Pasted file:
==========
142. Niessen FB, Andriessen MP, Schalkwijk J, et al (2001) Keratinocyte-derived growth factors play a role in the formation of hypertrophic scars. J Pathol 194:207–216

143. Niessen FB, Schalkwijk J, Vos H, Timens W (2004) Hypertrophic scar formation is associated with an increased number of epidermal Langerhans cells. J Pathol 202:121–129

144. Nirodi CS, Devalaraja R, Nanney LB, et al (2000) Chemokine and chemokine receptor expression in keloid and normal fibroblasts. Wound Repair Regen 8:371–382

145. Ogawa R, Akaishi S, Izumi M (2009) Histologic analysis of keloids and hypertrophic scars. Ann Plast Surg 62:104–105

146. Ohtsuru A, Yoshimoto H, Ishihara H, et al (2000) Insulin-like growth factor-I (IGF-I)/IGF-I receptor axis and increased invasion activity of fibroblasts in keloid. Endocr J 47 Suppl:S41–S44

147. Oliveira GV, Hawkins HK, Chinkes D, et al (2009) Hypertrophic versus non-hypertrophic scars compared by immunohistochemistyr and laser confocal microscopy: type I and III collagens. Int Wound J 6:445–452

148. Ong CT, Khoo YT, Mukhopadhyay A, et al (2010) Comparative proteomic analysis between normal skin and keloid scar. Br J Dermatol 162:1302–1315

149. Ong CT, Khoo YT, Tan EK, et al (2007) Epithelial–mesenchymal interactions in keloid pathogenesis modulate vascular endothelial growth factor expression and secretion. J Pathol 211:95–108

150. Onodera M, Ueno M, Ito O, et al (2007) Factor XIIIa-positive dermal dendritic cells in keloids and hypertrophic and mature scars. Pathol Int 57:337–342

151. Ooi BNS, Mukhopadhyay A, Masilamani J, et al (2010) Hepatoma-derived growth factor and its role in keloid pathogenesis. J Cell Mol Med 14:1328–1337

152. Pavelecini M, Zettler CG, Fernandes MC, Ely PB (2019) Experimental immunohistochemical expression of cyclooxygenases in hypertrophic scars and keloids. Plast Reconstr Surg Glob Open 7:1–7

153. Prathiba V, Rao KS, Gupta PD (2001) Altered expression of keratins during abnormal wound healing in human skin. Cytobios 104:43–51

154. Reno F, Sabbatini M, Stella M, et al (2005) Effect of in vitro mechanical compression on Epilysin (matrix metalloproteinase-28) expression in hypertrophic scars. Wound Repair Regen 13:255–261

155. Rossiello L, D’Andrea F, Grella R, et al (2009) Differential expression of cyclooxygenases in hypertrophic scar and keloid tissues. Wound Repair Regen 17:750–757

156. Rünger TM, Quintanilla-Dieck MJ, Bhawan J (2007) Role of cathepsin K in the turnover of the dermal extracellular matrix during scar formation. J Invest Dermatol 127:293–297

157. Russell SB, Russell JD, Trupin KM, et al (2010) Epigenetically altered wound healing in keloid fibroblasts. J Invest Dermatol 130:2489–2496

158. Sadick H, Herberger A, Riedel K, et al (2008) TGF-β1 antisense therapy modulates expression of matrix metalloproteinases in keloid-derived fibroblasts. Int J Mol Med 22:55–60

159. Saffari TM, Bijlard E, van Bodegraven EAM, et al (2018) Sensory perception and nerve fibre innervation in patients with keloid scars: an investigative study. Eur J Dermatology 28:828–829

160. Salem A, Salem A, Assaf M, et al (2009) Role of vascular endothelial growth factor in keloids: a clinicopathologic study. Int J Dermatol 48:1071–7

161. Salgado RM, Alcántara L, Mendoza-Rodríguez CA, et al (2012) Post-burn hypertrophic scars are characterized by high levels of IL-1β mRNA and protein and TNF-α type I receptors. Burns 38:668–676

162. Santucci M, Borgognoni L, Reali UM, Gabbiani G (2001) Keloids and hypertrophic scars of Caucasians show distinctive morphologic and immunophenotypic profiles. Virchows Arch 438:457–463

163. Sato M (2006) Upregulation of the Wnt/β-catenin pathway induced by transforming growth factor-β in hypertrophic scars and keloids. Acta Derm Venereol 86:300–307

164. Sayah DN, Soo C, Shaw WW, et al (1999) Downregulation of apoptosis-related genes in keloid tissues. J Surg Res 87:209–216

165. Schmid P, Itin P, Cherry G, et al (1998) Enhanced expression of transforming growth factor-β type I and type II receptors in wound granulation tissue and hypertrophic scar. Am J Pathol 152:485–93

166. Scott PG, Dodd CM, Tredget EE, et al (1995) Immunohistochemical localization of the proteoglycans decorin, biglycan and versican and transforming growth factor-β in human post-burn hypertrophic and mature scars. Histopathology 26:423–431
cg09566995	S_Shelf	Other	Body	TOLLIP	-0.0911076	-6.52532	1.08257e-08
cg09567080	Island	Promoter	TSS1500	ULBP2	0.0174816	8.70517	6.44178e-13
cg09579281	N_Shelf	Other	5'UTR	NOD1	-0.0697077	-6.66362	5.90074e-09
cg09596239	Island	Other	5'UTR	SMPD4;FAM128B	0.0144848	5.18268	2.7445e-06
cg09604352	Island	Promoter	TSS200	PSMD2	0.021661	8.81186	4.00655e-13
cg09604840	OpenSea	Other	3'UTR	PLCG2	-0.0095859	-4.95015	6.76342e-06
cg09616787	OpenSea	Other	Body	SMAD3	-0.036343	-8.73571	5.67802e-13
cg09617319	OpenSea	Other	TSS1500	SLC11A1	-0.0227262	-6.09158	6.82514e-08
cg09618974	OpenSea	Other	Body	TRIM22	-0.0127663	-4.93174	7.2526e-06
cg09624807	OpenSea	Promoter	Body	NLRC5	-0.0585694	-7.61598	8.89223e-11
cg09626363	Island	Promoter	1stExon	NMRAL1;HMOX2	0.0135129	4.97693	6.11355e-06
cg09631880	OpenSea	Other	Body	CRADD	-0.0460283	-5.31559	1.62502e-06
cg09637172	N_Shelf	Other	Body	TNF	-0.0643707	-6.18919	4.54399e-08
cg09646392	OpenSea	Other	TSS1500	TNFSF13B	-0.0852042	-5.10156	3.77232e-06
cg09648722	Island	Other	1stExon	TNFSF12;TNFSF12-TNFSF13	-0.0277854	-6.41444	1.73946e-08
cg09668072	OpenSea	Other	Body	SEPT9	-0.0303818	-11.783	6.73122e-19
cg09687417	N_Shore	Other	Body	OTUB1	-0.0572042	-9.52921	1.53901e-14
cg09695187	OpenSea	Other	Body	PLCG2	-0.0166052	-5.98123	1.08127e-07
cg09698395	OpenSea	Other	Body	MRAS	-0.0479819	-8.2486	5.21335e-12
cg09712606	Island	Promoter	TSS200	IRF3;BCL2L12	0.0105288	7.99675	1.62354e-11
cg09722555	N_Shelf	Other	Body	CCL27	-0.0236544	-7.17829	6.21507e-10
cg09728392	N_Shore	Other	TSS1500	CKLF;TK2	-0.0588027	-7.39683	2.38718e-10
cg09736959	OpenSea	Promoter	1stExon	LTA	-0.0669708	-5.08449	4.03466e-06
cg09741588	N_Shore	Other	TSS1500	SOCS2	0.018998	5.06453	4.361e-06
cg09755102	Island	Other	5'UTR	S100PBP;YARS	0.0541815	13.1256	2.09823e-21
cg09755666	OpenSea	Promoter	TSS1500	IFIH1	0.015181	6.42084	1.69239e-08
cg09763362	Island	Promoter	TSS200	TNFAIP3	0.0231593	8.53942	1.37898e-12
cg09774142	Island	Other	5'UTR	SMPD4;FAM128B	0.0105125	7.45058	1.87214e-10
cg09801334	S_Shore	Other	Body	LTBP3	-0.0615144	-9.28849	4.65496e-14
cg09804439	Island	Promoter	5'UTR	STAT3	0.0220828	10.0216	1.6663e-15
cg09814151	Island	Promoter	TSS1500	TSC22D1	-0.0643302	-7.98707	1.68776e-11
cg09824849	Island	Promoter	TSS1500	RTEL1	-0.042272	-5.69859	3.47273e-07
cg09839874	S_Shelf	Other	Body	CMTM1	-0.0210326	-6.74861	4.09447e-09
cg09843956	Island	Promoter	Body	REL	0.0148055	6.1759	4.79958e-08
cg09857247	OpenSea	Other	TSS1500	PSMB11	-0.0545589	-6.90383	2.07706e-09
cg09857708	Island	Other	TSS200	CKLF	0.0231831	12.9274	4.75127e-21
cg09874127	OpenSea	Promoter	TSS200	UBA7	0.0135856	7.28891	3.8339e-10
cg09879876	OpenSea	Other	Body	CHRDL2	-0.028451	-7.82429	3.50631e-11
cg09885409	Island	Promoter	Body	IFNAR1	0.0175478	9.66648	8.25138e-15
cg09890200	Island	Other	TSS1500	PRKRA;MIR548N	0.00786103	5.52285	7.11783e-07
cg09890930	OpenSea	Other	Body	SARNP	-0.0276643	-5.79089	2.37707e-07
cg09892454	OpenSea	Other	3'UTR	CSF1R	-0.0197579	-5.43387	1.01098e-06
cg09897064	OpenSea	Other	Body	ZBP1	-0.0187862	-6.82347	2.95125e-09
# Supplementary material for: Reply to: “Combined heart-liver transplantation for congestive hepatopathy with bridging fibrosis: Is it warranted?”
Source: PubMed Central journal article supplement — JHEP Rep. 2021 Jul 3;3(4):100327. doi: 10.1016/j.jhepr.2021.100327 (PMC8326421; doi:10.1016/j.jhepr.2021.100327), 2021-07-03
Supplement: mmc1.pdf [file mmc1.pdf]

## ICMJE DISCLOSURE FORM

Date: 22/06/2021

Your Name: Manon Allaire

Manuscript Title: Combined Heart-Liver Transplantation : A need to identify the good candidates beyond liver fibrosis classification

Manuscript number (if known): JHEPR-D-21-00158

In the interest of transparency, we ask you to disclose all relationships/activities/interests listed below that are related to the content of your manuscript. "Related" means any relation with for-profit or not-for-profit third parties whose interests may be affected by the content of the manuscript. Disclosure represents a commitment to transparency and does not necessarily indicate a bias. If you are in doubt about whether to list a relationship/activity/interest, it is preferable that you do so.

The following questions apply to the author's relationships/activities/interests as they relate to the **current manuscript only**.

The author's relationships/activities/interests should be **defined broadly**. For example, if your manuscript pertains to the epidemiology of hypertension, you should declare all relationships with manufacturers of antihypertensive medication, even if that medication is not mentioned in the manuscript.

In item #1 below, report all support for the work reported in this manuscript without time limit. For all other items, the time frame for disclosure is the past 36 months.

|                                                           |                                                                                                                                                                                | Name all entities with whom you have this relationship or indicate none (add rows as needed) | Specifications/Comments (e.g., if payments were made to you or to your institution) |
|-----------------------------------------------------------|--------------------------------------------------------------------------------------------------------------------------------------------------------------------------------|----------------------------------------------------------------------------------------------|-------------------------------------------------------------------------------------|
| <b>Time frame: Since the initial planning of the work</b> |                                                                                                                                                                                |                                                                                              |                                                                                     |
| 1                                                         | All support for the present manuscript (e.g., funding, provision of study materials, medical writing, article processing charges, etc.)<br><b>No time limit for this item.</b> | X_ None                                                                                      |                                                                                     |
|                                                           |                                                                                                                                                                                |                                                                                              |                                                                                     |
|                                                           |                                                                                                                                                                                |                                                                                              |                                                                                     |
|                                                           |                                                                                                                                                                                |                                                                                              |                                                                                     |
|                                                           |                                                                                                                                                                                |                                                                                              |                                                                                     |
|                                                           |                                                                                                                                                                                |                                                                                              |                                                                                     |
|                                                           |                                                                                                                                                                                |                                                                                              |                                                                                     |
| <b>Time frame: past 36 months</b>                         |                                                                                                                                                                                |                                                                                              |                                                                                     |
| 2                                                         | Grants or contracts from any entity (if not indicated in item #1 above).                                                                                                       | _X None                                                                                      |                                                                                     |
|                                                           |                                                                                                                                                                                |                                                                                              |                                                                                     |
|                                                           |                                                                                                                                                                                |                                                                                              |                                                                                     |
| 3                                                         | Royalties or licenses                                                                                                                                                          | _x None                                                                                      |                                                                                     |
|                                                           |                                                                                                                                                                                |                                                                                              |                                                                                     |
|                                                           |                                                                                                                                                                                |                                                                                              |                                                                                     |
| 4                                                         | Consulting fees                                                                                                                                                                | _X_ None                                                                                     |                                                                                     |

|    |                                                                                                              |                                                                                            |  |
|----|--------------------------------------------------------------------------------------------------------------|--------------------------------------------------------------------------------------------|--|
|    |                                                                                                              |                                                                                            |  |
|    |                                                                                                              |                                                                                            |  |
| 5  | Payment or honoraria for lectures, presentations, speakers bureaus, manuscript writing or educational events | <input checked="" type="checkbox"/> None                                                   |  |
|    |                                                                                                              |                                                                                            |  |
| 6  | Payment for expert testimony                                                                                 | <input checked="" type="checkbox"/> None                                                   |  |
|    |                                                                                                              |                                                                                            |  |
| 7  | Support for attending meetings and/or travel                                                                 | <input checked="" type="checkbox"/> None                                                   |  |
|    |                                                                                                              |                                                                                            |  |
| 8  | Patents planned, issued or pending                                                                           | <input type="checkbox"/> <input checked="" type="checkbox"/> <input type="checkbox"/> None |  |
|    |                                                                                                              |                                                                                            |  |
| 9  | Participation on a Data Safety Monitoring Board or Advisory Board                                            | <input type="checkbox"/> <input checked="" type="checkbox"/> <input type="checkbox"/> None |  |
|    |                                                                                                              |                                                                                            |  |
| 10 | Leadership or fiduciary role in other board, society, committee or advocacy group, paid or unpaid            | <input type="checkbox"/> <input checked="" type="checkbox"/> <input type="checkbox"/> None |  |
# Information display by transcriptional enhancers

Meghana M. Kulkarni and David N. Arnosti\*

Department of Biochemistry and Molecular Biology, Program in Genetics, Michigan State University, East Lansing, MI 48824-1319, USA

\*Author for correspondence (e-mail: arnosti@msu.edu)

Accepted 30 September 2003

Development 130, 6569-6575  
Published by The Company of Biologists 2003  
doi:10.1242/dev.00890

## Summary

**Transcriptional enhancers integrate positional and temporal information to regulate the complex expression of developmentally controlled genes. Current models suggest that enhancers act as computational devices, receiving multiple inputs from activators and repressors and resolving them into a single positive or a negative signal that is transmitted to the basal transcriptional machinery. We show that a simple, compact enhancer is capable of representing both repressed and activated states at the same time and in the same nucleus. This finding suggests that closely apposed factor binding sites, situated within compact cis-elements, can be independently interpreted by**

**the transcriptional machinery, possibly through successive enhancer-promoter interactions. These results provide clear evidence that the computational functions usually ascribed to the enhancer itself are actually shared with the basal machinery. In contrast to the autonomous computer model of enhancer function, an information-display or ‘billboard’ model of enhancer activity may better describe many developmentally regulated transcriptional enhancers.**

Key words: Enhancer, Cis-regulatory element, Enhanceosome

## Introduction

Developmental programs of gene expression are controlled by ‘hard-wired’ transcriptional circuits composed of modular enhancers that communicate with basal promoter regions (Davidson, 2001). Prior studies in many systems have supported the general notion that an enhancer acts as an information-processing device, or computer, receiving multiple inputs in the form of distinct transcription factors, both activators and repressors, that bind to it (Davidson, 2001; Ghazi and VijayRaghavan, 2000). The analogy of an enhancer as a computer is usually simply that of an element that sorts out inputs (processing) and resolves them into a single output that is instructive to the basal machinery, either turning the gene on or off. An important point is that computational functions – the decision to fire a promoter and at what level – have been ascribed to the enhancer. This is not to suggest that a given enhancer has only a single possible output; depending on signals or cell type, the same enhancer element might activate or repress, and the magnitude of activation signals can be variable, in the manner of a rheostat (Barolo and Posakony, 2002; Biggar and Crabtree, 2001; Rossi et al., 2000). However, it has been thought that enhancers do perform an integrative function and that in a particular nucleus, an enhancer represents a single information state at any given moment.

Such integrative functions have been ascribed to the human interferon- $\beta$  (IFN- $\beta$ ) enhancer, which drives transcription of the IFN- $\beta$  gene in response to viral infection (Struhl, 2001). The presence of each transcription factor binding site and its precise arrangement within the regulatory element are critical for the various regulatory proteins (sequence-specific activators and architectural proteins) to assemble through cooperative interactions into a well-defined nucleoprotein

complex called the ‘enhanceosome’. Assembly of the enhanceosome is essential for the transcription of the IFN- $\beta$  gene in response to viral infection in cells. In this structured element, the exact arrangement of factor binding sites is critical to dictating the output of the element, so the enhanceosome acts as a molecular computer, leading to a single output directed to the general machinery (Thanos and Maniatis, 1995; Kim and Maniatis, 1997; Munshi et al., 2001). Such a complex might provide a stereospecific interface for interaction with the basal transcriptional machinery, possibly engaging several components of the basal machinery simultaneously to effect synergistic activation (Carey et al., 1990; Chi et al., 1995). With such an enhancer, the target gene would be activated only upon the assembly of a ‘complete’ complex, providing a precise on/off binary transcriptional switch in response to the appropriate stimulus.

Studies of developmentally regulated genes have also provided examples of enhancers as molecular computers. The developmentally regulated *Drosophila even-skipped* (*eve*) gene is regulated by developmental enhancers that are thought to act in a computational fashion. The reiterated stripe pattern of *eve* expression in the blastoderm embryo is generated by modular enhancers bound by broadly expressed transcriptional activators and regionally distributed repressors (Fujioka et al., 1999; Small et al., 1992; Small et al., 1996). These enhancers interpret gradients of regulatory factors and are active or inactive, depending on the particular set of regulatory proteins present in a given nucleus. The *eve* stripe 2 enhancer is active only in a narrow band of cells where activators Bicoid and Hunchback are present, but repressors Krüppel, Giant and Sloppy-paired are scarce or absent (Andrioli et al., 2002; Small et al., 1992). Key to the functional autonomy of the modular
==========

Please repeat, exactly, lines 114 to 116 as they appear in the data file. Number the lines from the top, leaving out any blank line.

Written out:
# Information display by transcriptional enhancers

Meghana M. Kulkarni and David N. Arnosti\*

Department of Biochemistry and Molecular Biology, Program in Genetics, Michigan State University, East Lansing, MI 48824-1319, USA